Developing new specialty crops like grapes is one way of growing and revitalizing rural areas of Alabama.
Elina Coneva, an associate professor in Auburn University’s Department of Horticulture, dreams of making the grape a profitable specialty crop for Alabama farmers. The only thing stopping her and her team of Extension agents is the threat of Pierce’s Disease.
Pierce’s is a serious threat to the cultivation of Vitis vinifera, or European wine grapes, in the United States, especially in the humid subtropical climate of the Southeast. In a grapevine infected with the disease, a gel forms in and clogs the water-transporting tissue of the plant, which causes vine death.
There is no known method of prevention or control of Pierce’s Disease, but horticulturists like Coneva are testing grapevines that are bred to be resistant to the deadly disease in Alabama Agricultural Experiment Station research centers across the state.
A few years ago, Coneva and Jim Pitts, superintendent of the Chilton Research and Extension Center, teamed up with the Alabama Wineries and Grape Growers Association to plant an experimental vineyard at the Clanton facility that included three newly bred 87.5 percent Vitis vinifera selections with various ripening seasons. The three selections are hybrids with Pierce’s Disease-resistant species.
The grape selections grew well and in 2011 fruit clusters were removed from the plants to provide optimal conditions for the growth and development of the vine root system and enhance the plant vigor and longevity.
In 2012, all three grapevine selections produced their first commercial crop, and a number of measurements collected helped evaluate vegetative growth, productivity and fruit quality of the three varieties.
Among the three selections tested, the late-maturing vine produced the largest crop in 2012 and 2013, respectively, but the early- and mid-season selections also yielded crops within the optimal range for V. vinifera grapes.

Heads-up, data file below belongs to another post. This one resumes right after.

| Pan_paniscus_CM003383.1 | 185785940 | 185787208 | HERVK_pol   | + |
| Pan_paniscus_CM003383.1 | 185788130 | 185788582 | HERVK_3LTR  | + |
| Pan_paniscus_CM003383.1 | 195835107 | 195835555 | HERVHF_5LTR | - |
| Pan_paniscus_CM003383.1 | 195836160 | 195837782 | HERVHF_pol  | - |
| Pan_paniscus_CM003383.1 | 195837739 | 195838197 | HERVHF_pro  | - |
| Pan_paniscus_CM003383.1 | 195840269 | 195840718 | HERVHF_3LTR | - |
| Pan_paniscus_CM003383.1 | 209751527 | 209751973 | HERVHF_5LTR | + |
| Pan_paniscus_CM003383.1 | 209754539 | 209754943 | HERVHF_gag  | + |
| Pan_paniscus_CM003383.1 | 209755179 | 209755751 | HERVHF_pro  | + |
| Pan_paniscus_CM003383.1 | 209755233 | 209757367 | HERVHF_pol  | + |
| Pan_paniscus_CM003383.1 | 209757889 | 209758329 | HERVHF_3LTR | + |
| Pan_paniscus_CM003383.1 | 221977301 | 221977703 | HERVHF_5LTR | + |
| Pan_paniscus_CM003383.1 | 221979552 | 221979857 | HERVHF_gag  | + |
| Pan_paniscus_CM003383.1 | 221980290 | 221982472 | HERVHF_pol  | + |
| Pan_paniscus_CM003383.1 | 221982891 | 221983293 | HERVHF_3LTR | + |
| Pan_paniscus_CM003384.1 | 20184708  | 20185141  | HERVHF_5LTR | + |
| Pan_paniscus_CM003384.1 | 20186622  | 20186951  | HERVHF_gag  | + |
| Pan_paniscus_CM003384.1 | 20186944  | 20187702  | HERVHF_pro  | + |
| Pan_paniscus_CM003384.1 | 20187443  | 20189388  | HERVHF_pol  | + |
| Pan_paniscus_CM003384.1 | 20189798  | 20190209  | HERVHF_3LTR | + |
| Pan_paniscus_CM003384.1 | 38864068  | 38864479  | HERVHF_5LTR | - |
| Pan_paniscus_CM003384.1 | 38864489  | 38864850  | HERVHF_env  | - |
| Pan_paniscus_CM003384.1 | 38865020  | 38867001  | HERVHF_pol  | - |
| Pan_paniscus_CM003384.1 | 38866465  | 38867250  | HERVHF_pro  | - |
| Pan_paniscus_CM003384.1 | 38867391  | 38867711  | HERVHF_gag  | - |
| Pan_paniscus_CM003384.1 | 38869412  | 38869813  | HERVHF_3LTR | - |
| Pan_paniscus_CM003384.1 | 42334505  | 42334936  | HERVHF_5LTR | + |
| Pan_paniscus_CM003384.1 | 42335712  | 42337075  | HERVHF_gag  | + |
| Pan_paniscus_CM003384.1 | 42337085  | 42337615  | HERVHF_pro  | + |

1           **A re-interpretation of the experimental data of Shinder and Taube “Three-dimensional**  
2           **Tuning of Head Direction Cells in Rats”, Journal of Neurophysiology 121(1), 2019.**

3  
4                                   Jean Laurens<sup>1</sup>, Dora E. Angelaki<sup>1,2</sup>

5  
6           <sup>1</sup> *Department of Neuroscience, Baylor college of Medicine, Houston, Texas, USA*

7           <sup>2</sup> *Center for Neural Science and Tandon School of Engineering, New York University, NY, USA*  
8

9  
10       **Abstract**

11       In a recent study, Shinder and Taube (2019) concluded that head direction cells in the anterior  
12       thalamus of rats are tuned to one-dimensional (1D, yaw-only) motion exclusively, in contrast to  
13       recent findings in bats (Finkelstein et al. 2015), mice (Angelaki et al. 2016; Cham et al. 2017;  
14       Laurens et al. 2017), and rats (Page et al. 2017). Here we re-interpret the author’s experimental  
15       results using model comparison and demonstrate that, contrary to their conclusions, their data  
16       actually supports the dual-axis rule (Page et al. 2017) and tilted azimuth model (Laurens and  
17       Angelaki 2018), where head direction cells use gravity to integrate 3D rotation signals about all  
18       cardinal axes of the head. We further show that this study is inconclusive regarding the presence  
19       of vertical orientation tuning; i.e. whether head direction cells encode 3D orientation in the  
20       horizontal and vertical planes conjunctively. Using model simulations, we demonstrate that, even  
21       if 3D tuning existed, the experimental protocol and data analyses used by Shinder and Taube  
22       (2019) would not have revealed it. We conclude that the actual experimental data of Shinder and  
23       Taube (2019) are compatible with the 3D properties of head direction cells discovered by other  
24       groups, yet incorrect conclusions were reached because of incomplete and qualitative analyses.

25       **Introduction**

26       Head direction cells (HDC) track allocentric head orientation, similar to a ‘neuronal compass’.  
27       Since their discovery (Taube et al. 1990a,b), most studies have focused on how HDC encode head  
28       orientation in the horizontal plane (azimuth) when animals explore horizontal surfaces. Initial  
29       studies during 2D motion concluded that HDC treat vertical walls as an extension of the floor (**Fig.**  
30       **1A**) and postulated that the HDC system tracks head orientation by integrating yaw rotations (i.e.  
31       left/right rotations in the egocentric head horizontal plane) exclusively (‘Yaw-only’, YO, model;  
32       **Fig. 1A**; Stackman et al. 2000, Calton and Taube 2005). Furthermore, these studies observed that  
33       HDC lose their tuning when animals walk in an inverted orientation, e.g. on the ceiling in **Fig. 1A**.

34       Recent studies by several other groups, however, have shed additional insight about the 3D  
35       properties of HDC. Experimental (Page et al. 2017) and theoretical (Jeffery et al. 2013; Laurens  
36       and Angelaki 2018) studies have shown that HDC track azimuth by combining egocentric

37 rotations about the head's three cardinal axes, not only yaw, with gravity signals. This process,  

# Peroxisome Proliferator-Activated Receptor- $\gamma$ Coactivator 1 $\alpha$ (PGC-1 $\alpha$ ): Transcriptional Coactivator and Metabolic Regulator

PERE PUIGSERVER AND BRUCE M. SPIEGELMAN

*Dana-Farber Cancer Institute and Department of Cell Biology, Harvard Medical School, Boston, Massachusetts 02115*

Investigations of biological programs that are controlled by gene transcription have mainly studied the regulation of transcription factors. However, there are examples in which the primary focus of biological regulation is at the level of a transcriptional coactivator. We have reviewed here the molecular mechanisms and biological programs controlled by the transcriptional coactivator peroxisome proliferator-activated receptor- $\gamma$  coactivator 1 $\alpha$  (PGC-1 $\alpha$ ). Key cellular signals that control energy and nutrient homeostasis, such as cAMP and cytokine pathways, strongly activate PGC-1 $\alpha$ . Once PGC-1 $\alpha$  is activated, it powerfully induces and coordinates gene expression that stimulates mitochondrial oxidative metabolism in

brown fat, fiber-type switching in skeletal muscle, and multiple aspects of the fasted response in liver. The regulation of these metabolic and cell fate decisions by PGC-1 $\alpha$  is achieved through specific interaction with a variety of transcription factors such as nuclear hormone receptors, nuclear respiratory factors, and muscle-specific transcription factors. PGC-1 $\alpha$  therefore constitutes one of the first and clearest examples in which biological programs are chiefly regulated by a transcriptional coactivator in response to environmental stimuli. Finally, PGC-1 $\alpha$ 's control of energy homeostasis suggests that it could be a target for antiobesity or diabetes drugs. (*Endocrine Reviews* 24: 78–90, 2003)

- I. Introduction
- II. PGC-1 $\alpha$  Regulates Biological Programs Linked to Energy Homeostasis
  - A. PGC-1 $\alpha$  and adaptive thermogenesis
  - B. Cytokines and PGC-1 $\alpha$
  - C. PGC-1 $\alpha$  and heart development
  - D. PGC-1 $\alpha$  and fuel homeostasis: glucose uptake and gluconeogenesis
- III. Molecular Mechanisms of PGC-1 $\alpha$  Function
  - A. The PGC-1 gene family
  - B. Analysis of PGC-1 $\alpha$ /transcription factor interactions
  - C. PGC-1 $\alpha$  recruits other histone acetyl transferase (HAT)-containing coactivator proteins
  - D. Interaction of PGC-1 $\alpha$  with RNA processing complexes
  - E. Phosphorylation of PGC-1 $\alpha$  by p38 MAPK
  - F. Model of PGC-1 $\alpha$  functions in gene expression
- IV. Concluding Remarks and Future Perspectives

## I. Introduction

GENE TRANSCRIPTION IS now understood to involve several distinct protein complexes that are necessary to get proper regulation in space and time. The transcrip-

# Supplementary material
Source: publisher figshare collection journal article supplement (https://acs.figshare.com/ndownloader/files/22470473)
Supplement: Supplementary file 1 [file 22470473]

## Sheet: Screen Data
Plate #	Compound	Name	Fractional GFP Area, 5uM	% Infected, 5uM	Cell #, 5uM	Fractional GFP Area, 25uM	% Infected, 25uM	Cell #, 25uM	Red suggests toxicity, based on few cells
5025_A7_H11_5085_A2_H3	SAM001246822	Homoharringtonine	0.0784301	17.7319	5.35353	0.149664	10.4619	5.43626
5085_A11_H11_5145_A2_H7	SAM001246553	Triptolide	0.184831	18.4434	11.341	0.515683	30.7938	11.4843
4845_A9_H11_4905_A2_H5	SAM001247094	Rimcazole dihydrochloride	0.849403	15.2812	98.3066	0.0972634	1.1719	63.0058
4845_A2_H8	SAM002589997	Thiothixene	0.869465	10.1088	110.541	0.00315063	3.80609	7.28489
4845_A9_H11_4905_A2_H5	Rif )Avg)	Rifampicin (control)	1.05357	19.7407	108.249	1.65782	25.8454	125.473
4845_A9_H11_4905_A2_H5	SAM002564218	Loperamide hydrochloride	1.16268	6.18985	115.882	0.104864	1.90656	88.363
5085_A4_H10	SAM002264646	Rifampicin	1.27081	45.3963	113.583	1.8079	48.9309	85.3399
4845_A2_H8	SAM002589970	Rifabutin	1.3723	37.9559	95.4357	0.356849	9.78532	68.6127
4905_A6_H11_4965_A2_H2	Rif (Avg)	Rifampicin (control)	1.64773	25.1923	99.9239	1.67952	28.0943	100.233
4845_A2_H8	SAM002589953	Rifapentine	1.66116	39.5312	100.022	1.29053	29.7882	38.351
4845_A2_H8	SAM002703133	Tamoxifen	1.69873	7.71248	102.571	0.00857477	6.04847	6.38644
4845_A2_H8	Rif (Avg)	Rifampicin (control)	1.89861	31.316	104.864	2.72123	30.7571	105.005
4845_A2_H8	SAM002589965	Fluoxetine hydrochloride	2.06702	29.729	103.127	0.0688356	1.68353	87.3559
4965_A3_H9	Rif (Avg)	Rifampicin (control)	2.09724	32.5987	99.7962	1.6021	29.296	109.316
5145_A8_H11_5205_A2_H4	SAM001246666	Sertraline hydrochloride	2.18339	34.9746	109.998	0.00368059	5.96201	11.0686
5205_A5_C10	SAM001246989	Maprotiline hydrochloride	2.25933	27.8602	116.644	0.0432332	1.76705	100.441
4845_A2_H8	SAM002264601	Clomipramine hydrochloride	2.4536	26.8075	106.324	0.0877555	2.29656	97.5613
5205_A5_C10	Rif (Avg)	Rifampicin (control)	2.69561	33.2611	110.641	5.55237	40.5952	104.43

“During the two years of our study, the late-season selection produced the highest number of fruit clusters per vine, showing a tendency to overcrop ” Coneva said.
The mid-season selection had the largest size clusters in 2012, while the early-ripening selection produced the largest clusters in 2013. Late-season selection had the sweetest berries with 24.3-percent soluble solids content.
Coneva said the preliminary results on the overall performance of the newly intoroduced Pierce’s Disease resistant V. vinifera grapevine selections in Alabama are encouraging.
“The knowledge we gain through this project will help us develop the best management practices and production system recommendations, all of which are vital for establishing a sustainable grape industry and enhancing the competitiveness of Alabama-grown specialty crops,” she said.
There are now more than 500 acres of vineyards and 15 wineries within Alabama, which is a good start. With Coneva’s help, Alabama could be home to a bursting industry and new farmers that come with it.
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